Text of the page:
• In 1973, the name changed to Eurasier-Klub e.V., Sitz Weinheim (EKW).
  • In 1973, a second Eurasier club formed by splitting from the EKW, Zuchtgemeinschaft fuer Eurasier e.V. (ZG).
  • In 1978, there was a third club formed by another split from the EKW, Kynologische Zuchtgemeinschaft Sitz Weinheim e.V., which changed its name in 1993 to Kynologische Zuchtgemeinschaft Eurasier e.V. (KZG).
  • In 2008, the Pro Eurasier e.V. was formed.
  • In 2007, the Eurasier-Freunde Deutschland e.V. (EFD) was formed.
  • In 2009, the EurasierZucht-Vereinigung e.V. (EZV) was formed.


Summary of the Eurasier in North America

In the year 2000, a small group of Eurasier enthusiasts, mostly in North America and some in Europe, came together to share photos and stories online in a Yahoo! forum. (You know, that time before Facebook, Instagram, TikTok, etc.) There was a “core” group of individuals from the Yahoo! forum that decided to form a committee in North America. In 2002, Canadian and American volunteers came together to form the North American Eurasier Committee (NAEC). This committee had a goal of preserving the Eurasier breed in the same idea as its country of origin, Germany. This idea is referred to as the “Eurasier Way.” This idea describes the philosophy behind the Eurasier breed: Eurasier breeders should be family-oriented, not for profit, and focused on adhering to the breeding and guidance of the Eurasier breed clubs. This committee also focused on preserving and protecting the breed here in North America.


The original Voting Members of the NAEC were:

  • CANADA: Dianne Cameron, Josee Dessouroux, Margaret Knight, Wayne Nelson, Johanne Parent, and Dietlinde Wall.
  • US: Nancy DaCosta, Griffin Kessler, Ute Molush, Jackie Murtha, and Clark Waldrip.

The NAEC published several newsletters and launched a website, and organized a Eurasier Rescue and an educational meeting to hold presentations with guests from Germany. The first edition of the NAEC newsletter was published in November 2004. Their website was launched earlier that year in March. The NAEC agreed that in the best interest of the Eurasier, national breed clubs should be established in the US and Canada.

In 2015, two new Eurasier clubs were formed. The United States Eurasier Club (USEC) and the Eurasier Club of Canada (ECC).


The Founding Board of Directors of the USEC are:

  • Nancy DaCosta,
  • Kristin Gerlach,
  • Gisele Kusmik,
  • Ute Molush,
  • Jacqueline Murtha.


The Founding Executives of the ECC are:

  • Wayne Nelson,
  • Margaret Knight,
  • Dianne Cameron,
  • Dietlinde Wall,
  • Josee Dessouroux,
  • Colleen Sutton,
  • Tracey Kurtz,
  • Judi Neumeyer.

In Canada, the Eurasier had been a recognized breed since 1996 in the Canadian Kennel Club (CKC). The ECC was officially recognized by the CKC as the National Breed Club for the Eurasier breed in Canada, in 2007. t In the United States, as of today, the American Kennel Club (AKC) does not recognize the breed.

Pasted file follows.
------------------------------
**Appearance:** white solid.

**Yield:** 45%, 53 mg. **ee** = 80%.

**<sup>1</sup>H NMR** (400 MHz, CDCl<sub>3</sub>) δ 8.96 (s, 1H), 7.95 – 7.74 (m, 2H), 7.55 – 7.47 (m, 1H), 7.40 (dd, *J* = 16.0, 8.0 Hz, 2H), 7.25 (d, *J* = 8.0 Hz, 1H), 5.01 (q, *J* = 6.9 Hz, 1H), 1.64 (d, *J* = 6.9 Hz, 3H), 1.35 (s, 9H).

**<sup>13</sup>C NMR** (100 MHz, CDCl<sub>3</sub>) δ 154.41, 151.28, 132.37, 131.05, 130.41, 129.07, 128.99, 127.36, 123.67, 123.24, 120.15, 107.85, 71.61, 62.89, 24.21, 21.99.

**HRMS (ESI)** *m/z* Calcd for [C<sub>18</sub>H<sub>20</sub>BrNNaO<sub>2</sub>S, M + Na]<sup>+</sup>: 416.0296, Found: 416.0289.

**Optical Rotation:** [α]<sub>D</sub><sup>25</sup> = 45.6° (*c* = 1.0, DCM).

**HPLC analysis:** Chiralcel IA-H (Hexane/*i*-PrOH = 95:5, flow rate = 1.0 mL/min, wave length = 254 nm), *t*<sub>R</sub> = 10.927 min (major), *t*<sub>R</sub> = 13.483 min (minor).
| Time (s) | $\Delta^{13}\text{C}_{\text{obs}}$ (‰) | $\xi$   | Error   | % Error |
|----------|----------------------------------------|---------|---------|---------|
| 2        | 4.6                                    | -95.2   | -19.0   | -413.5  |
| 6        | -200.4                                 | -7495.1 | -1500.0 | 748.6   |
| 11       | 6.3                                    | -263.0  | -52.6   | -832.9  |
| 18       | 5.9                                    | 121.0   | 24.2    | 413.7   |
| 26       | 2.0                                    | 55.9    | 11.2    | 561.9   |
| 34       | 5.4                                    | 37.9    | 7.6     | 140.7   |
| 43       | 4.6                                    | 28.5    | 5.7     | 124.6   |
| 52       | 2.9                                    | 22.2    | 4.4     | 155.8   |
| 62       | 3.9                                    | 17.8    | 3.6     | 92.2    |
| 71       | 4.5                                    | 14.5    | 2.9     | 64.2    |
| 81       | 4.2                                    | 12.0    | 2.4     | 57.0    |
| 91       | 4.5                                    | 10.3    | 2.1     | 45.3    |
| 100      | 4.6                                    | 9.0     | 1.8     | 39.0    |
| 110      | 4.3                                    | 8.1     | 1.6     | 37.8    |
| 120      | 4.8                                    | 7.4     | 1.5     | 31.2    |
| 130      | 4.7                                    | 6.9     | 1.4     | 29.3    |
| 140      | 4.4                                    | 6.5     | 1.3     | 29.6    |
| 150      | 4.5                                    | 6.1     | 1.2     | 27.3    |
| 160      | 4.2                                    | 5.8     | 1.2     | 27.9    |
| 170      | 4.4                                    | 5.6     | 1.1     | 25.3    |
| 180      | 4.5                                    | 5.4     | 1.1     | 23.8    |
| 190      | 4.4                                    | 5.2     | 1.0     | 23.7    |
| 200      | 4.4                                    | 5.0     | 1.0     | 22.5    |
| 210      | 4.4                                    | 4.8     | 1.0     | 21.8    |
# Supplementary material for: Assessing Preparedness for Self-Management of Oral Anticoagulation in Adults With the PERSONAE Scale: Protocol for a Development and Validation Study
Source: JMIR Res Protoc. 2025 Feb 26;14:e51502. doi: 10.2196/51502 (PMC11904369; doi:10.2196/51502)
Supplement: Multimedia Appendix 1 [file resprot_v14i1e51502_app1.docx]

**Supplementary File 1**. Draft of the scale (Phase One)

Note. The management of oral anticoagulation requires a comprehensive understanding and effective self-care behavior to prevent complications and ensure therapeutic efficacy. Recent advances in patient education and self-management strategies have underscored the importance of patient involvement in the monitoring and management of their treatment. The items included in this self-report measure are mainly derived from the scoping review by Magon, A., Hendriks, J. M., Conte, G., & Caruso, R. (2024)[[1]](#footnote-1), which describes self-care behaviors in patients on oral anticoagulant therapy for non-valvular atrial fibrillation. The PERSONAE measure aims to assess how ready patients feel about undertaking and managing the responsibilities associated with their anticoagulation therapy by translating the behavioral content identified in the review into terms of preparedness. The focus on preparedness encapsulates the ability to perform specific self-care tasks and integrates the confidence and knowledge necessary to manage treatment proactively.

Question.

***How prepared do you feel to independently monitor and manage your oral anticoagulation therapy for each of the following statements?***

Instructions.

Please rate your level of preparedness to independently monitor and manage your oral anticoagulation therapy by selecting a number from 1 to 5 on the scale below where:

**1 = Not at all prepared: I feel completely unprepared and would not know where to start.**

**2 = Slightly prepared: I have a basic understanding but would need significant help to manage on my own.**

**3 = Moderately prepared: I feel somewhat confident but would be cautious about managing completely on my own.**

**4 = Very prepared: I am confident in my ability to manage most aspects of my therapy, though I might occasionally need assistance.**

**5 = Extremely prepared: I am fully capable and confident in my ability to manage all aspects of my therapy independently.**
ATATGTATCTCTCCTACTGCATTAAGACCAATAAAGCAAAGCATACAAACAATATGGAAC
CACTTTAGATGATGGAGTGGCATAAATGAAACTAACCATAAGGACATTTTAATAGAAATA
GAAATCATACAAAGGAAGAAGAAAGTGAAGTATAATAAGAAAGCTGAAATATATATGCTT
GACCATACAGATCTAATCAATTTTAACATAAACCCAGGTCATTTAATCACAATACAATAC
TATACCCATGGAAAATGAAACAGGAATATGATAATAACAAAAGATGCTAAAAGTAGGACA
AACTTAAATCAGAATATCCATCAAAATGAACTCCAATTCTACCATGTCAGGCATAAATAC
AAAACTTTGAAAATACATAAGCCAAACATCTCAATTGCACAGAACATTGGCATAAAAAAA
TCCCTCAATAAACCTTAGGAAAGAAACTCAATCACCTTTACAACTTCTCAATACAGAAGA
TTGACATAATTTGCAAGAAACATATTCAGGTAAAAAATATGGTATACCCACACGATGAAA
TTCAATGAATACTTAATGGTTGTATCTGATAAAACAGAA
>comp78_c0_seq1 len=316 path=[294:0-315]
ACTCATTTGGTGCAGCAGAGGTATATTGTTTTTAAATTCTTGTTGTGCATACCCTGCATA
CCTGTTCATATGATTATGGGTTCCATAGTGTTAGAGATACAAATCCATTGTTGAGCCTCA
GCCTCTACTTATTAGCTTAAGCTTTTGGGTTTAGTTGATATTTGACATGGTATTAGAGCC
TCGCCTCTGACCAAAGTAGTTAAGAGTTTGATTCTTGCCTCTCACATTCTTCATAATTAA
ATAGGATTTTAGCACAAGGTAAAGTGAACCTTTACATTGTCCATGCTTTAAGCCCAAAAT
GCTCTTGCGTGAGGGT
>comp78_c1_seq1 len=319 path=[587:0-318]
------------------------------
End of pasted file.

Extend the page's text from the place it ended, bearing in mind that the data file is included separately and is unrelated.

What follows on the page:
The Eurasier is currently entered into AKC Foundation Stock Service (FSS), which is the first step toward obtaining full recognition by the AKC. In order for the USEC to pursue the AKC’s full breed recognition, the USEC would need to prove, by show of vote, that the majority of the membership is in favor. The Eurasier breed is not yet fully recognized. Therefore, to obtain a permanent registry, American Eurasier breeders currently register their puppies with the Canadian Kennel Club.

Eurasier History
Eurasier History

Since the USEC’s formation, the club has been striving to reach its commitments to preserving and protecting the Eurasier breed. The club has held its responsibility close to its heart, continuing breeder education by offering opportunities to take seminars from representatives of the clubs of origin. Many times, these have been combined efforts between the ECC and the USEC. The USEC has had incredible support from international friends who have influenced the mission, philosophy, and policy of the USEC. Without that help, we wouldn’t be the club we are today! These members are recognized as our Honorary Members.


The USEC Honorary Members are:

  • Helga Casper
  • Annelie Feder
  • Kurt Kotrschal
  • Lothar Mende
  • Cornelia Burk
  • Karin Vorbeck

To further the USEC’s ability to adhere to the philosophy of the “Eurasier Way,” the USEC was accepted as an Associate Member of the Eurasier Breeding World Union (IFEZ) in 2006, with thanks to Ute Molush for facilitating this partnership. The IFEZ is a network of European Eurasier clubs with the common goal of breeding healthy Eurasiers. With this associate membership, the USEC can help to provide data to (and receive data from) the IFEZ database. The data received is breeding-relevant data, suggestions concerning proposed breedings, health information, and calculations such as inbreeding coefficients. All of these are tools for determining a proper mate for a Eurasier. For more information regarding IFEZ, please visit:



Feder, Annelie. 2017. Eurasiers Yesterday and Today. (To order, contact Annelie Feder at: [email protected] or at [email protected].)

Wipfel, Julius. 2003. Euraiser. Origin, Development, Present Situation. (This book is no longer in print.)

Müller, Alfred. 2003. Origin and History of the Eurasier. (